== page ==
WHY NOT DIP INTO OUR OBELISK SEVEN BLOG – IT HAS MORE STUFF YOU MIGHT LIKE!
The stiletto done it
Two things on our tour of lovely Venice convinced us that somehow or other we had to include Venice in our planned novel.
The first was a story by our fantastic Trafalgar Tours guide (a Dutch former lawyer turned artist and tour guide) about the lengths the ancient state of Venice had gone to to protect the secrets of how to make the purest glass in the world.
The glassmakers were given status, installed on the island of Murano, and given one strict rule: Never leave Venice. Or else ...
Or else what?
Simply this: if you were a glassmaker and you left Venice, the state would send assassins after you to hunt you down and kill you by sliding a stiletto into your heart.
A palace at night ...
The second trigger was a glimpse of a wonderful castle next to a canal, mysteriously gloomy from inside our gondola as we glided through the softly lapping waters.
That did it. A stiletto and a shrouded castle – we just had to include the city in our novel.
The Guardians in Venice
We found a way to do that. We needed tension, we needed villains, we needed threats, we needed violence.
And we needed a base for a powerful, dedicated group that watched as Kate, Gliffy and Nick wandered around the cities of Europe checking the ancient obelisks. We based the group on an ancient Venetian family, the Cornaros, which had been so influential in Venetian political and economic life for centuries. Venice had been the gateway between the east and the west for centuries, and this gave us a link from our modern global warming times to the ancient times of the pharaohs of Egypt.
And we located the Guardians in a castle like the wonderful Palazzo Contarini del Bovolo, with its external spiral staircase.
The men of the night
Another link was needed by our plotline to connect the past to the present and bring our novel to its climax, and we found it in the form of a rare type of rock used in centuries past to make the pure Venetian glass.
And in the advice given to Kate and to Lorenzo by the L'omo de note - the Men of the Night - the chemists who make the glass. From Obelisk Seven:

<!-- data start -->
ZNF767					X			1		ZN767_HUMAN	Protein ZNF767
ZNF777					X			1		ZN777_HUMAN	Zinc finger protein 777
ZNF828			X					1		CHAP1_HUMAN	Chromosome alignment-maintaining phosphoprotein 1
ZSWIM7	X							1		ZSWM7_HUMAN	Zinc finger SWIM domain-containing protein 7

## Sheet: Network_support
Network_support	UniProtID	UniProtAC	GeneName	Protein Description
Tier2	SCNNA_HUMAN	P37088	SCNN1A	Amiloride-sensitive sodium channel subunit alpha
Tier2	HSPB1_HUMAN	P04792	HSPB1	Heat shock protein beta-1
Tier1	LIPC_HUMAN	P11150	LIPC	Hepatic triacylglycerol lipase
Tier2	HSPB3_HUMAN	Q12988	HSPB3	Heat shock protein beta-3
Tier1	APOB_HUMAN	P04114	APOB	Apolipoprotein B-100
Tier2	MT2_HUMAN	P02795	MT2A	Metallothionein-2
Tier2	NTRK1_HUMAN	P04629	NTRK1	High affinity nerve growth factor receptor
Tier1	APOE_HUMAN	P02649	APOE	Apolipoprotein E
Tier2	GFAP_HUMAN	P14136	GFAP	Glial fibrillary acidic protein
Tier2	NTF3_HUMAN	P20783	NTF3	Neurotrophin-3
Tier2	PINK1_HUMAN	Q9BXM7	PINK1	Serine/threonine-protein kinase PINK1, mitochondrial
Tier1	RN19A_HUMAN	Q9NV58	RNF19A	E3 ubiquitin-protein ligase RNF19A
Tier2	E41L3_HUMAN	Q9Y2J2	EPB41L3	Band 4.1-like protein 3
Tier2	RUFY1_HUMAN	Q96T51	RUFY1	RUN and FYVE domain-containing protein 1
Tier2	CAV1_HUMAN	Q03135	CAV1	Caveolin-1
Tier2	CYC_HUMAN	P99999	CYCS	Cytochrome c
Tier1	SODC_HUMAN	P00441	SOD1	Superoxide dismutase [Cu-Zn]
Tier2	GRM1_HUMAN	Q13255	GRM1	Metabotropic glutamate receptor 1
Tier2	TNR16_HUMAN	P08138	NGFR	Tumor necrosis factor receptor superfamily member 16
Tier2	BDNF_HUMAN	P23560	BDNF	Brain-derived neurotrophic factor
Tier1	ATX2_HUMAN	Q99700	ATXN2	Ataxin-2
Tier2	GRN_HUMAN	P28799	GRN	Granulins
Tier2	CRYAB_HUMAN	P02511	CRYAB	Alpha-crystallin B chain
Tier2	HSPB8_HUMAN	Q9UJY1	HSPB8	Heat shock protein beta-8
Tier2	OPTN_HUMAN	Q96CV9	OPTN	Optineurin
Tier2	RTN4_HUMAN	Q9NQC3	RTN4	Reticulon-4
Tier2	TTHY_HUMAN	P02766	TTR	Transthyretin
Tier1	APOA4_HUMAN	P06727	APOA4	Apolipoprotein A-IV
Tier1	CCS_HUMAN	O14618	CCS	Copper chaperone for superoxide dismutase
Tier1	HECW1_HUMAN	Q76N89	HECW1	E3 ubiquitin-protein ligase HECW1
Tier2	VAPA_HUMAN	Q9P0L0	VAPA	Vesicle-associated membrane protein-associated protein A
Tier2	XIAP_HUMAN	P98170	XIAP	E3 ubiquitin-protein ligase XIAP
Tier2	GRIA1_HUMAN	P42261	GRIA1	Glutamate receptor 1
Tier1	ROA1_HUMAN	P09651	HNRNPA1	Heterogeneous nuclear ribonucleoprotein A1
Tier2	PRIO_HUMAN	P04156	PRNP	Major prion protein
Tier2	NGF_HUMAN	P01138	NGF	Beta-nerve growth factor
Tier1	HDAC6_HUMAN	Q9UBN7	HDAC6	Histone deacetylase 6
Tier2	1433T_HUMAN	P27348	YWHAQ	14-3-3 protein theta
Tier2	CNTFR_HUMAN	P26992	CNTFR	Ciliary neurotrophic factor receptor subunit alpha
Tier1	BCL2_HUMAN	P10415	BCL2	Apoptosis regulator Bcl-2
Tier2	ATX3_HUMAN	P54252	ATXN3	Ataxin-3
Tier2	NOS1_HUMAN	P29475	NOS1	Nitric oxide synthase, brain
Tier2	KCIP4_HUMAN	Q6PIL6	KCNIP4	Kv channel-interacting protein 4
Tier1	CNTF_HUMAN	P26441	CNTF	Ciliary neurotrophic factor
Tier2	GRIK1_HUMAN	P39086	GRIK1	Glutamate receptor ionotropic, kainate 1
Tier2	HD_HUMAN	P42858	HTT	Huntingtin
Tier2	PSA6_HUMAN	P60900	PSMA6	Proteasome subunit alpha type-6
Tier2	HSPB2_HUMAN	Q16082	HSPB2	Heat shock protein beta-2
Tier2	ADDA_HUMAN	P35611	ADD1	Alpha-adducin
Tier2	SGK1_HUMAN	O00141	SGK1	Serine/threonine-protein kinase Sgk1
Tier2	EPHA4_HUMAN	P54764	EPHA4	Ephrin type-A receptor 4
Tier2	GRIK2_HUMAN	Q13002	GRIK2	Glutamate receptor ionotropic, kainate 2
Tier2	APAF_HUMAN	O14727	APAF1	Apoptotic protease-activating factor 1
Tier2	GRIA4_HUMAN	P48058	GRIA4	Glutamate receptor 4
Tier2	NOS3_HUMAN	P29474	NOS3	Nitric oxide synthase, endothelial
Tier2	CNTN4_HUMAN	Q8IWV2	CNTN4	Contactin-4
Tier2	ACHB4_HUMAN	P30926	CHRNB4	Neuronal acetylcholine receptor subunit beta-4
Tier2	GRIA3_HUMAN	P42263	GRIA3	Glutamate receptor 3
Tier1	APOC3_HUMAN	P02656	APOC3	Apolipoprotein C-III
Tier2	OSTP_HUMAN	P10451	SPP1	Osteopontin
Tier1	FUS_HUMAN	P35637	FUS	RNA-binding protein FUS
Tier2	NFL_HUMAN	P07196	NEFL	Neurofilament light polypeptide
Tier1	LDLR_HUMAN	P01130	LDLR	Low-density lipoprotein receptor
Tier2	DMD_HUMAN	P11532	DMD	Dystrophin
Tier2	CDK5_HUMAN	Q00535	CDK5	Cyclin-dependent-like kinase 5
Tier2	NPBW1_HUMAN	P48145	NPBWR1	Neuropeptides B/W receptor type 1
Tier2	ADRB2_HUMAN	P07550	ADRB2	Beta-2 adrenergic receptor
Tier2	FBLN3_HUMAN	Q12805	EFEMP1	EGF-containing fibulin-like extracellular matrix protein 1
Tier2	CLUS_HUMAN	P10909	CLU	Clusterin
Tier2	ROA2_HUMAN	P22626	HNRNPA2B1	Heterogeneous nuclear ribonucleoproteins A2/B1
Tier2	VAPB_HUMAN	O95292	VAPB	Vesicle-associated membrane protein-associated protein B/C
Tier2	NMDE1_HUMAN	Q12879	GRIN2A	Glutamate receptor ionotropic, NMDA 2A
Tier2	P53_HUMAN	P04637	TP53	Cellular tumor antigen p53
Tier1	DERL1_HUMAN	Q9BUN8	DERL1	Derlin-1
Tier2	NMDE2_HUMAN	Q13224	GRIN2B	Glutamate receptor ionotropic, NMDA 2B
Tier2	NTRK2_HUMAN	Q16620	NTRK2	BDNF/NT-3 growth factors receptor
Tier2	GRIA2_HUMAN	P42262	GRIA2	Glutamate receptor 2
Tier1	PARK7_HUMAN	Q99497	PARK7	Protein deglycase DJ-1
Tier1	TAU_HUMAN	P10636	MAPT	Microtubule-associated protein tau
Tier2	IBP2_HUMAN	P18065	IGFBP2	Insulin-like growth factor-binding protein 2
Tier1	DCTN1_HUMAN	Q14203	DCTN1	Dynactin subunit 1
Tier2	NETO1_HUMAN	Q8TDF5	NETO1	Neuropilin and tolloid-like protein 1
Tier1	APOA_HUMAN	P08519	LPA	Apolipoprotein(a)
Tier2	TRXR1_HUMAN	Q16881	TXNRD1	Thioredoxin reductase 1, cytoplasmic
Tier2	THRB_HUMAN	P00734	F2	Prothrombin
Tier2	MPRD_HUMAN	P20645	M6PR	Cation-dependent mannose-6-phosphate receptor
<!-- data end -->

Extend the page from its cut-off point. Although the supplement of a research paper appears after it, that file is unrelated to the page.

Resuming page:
He thrust his hand into his jacket pocket and his gaze dropped to another gondola floating underneath them. "Angelo told me that in the old days, for about five hundred years from 1300 onwards, the glassmakers in Venice used silica from stones taken from the Ticino River, called cogoli. Each pebble would be checked to make sure it was almost colorless, and struck with steel to see if it sparked."
He kept his eyes on the slow swell of the water, as if it held an answer for him. "If it did, it was selected."
She seemed unaware that he had stopped talking. Her troubled eyes were fixed on the slow movement of the water below.
"Then they heated the pebbles up until they glowed from the fire, and threw them into cold water, so that any impurities would be leached out before they ground them into a fine dust. It made a very pure silica, so that the glass was very pure. Today, they use silica sand from other sources."
He absentmindedly returned a wave from a passenger in the gondola as it passed beneath the bridge.
Throw in the fascinating masks worn during Carnivals, a meeting between the pillars of St. Mark's Square, a well which allows entrance through an underground passage into the forbidding Doges palace, and a deadly chase through the dark canals of wonderful Venice, and we had something rare for Obelisk Seven.
To read about the spy apparatus of medieval Venice in our blog post, click here.
To read our blog post on the role played by the artist Edward A. Goodall, whose paintings of Venice are shown below, click here.
Type of well that plays a role in the climax of Obelisk Seven
The Palace with the spiral staircase used for the climax of Obelisk Seven
Mummy of Thutmose III unwrapped by Emile Brugsch in 1882
Part of the base of the Navona obelisk in Rome
Works on Venice by Edward A. Goodall